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Say you have a 1 kHz signal source with an impedance of 50 ohms and then connect a 100 ohm resistor between the terminals. Is the power that is reflected calculated in the same way as transmission lines (i.e reflection coefficient)?

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I know that in the case of an open circuit that all the power is reflected (even for low frequency circuits) which can be measured by a directional coupler.

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  • \$\begingroup\$ Yes, all the equations hold right down to DC, if you want to use them, and interpret them correctly. \$\endgroup\$
    – Neil_UK
    Commented Aug 9, 2022 at 16:16

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In short: yes. Your resistor actually has an impedance of 100 Ω. (For 1 kHz, that's not only theoretically, but also practically true. For 10 GHz, the parasitics/geometry of the resistor means it's not actually a 100Ω termination, but that's a different story.)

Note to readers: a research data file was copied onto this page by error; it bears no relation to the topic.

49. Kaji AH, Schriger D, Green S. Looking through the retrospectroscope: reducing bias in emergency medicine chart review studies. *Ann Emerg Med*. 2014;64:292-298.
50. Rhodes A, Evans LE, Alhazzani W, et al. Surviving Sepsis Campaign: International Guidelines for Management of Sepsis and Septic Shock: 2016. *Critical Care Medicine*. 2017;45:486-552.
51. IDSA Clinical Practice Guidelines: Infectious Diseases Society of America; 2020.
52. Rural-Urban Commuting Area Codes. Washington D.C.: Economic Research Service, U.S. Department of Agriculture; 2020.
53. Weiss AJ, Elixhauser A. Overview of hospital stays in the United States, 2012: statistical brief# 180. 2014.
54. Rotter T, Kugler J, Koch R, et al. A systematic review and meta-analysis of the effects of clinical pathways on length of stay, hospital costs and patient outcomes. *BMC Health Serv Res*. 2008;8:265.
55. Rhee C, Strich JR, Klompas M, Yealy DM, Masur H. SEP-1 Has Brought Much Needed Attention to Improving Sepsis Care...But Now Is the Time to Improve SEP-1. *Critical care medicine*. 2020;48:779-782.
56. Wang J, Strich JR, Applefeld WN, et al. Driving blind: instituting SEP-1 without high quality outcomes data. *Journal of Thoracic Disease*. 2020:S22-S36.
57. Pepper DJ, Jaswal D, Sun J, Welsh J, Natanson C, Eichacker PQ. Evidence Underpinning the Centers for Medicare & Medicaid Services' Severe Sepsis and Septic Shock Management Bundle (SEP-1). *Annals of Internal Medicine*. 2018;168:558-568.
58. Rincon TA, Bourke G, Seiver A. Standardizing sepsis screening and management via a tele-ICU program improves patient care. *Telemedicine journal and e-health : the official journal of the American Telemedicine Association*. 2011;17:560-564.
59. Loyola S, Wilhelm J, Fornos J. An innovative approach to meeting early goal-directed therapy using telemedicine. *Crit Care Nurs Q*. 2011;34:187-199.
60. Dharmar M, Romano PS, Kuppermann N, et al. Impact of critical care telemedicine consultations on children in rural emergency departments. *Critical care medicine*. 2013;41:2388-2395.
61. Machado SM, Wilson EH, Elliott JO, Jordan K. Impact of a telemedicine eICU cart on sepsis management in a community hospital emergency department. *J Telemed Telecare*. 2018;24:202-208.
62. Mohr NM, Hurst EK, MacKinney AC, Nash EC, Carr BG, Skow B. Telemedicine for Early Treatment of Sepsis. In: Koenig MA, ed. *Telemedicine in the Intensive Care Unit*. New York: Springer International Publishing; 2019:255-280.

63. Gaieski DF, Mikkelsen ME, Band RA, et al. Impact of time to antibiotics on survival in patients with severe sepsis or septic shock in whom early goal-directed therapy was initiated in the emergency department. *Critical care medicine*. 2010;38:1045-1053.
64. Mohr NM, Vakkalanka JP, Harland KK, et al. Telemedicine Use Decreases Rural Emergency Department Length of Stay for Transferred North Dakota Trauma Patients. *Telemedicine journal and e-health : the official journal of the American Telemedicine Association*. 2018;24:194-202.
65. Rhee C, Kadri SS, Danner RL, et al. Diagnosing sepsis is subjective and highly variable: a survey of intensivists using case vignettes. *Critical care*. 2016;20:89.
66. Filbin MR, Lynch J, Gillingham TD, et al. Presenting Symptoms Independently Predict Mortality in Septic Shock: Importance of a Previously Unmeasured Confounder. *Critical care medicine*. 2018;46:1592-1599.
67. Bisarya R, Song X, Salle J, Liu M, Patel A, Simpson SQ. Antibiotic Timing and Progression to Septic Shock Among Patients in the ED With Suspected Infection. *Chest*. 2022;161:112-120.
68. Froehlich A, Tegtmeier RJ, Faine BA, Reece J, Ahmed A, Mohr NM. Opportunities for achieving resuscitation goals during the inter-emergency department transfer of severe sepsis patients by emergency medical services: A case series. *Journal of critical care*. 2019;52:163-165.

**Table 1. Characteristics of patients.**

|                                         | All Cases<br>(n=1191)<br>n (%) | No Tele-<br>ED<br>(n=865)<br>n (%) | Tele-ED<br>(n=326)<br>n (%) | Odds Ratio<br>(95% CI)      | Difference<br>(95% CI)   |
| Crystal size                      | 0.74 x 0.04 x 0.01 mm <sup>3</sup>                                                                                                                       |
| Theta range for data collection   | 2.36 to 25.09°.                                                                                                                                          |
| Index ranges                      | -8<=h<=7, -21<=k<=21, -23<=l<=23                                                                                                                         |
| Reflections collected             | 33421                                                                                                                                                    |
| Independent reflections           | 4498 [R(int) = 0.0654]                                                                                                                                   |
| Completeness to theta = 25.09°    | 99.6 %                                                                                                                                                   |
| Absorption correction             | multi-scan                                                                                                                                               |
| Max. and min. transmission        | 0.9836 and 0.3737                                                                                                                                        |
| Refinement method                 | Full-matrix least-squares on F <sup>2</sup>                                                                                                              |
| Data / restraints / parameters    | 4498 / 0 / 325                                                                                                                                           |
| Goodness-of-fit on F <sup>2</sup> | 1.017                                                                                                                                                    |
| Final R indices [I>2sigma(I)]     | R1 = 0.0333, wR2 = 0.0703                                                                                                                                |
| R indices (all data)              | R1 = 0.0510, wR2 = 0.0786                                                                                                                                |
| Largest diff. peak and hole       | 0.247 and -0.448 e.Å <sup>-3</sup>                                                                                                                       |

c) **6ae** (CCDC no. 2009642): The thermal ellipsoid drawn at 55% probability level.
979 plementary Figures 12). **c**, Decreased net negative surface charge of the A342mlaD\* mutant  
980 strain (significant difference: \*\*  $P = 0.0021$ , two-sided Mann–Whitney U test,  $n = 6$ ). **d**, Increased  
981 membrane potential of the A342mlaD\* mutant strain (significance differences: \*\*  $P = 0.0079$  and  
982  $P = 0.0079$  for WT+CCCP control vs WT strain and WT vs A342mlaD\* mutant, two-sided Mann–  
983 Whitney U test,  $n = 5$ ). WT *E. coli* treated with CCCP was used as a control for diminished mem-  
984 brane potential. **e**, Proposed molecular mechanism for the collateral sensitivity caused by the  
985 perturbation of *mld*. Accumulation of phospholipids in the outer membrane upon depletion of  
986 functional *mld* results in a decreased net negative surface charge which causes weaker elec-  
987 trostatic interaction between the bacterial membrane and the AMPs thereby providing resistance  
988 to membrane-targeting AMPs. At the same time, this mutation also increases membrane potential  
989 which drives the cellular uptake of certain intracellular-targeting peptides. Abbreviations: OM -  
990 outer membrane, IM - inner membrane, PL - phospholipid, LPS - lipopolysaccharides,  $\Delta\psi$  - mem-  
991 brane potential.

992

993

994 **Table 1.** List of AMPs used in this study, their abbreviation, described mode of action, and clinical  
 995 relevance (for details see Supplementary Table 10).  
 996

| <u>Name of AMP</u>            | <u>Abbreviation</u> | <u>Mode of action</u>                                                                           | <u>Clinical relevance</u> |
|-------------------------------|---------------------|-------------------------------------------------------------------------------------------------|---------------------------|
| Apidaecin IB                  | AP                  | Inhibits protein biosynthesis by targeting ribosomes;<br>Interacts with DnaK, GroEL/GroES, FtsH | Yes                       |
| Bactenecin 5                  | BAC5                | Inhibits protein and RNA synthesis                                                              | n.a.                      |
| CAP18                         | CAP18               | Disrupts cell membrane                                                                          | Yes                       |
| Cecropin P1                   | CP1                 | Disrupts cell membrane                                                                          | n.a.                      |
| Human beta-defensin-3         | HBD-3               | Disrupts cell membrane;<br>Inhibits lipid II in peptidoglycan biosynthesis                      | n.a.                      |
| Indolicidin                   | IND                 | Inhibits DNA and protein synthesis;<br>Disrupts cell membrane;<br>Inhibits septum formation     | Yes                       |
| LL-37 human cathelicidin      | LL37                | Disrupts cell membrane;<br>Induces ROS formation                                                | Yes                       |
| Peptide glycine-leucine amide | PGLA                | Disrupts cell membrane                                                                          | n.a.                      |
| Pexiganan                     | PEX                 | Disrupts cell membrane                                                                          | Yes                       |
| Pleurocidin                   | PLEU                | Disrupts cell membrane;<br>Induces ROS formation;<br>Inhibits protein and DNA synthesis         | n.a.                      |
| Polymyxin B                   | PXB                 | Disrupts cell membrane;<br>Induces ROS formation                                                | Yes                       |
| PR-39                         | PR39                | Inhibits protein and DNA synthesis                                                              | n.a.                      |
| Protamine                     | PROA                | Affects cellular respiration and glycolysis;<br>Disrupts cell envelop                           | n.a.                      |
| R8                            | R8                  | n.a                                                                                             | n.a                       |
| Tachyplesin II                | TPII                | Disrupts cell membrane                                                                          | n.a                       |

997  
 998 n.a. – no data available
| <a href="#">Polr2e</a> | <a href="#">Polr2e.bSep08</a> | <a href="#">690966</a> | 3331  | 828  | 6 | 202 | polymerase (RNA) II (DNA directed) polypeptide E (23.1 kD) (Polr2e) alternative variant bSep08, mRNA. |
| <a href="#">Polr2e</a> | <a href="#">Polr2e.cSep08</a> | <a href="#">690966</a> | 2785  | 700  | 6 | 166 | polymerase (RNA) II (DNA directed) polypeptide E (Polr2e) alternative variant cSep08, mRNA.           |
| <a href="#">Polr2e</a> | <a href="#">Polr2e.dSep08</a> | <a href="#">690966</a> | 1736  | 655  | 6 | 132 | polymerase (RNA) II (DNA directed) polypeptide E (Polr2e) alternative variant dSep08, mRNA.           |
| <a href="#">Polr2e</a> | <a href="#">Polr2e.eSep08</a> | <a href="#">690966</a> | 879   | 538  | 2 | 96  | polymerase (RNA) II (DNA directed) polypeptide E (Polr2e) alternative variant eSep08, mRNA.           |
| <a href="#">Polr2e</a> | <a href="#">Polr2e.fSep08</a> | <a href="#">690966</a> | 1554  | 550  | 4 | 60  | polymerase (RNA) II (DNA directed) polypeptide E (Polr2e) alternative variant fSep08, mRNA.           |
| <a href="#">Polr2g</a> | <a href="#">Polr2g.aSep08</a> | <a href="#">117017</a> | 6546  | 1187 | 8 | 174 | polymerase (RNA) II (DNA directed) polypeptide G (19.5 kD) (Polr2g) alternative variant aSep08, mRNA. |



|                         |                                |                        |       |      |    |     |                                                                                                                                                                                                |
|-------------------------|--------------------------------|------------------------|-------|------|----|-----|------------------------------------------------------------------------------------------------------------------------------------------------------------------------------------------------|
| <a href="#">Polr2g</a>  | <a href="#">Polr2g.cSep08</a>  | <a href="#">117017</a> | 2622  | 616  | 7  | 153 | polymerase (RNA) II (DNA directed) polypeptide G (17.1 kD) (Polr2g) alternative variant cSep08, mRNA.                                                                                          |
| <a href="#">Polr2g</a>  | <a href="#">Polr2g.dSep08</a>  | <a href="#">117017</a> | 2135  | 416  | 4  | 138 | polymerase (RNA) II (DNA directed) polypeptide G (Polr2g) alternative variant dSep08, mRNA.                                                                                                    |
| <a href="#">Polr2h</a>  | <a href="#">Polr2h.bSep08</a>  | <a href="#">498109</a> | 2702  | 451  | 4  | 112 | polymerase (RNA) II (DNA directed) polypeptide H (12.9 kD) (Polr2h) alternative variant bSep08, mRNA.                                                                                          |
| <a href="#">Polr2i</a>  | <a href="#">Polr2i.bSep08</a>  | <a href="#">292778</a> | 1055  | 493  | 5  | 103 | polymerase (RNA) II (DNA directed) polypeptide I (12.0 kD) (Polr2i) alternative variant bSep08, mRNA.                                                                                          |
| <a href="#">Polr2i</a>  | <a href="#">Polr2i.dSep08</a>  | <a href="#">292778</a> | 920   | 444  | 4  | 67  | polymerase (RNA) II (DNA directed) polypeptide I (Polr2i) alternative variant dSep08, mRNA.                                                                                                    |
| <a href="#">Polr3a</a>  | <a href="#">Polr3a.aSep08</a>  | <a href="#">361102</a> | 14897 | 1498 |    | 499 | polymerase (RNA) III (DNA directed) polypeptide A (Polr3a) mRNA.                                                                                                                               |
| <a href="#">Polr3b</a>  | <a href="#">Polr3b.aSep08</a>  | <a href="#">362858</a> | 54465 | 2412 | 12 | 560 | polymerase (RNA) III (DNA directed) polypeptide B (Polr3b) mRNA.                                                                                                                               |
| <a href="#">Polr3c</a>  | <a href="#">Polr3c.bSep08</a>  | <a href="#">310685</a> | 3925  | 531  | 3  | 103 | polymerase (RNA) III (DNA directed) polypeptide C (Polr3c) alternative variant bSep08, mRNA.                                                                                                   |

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Yes, it applies. It's just not used because it's more complicated than just using lumped-constant analysis.

Note that you can't assume that you don't have to pay attention at 1kHz: a 1kHz signal in free space has a wavelength of 300km or so, and that distance only goes down when you send it out on a real transmission line. You'll start seeing transmission line effects from one edge of a big city to another at 1kHz, and you'll definitely see them from city to city.

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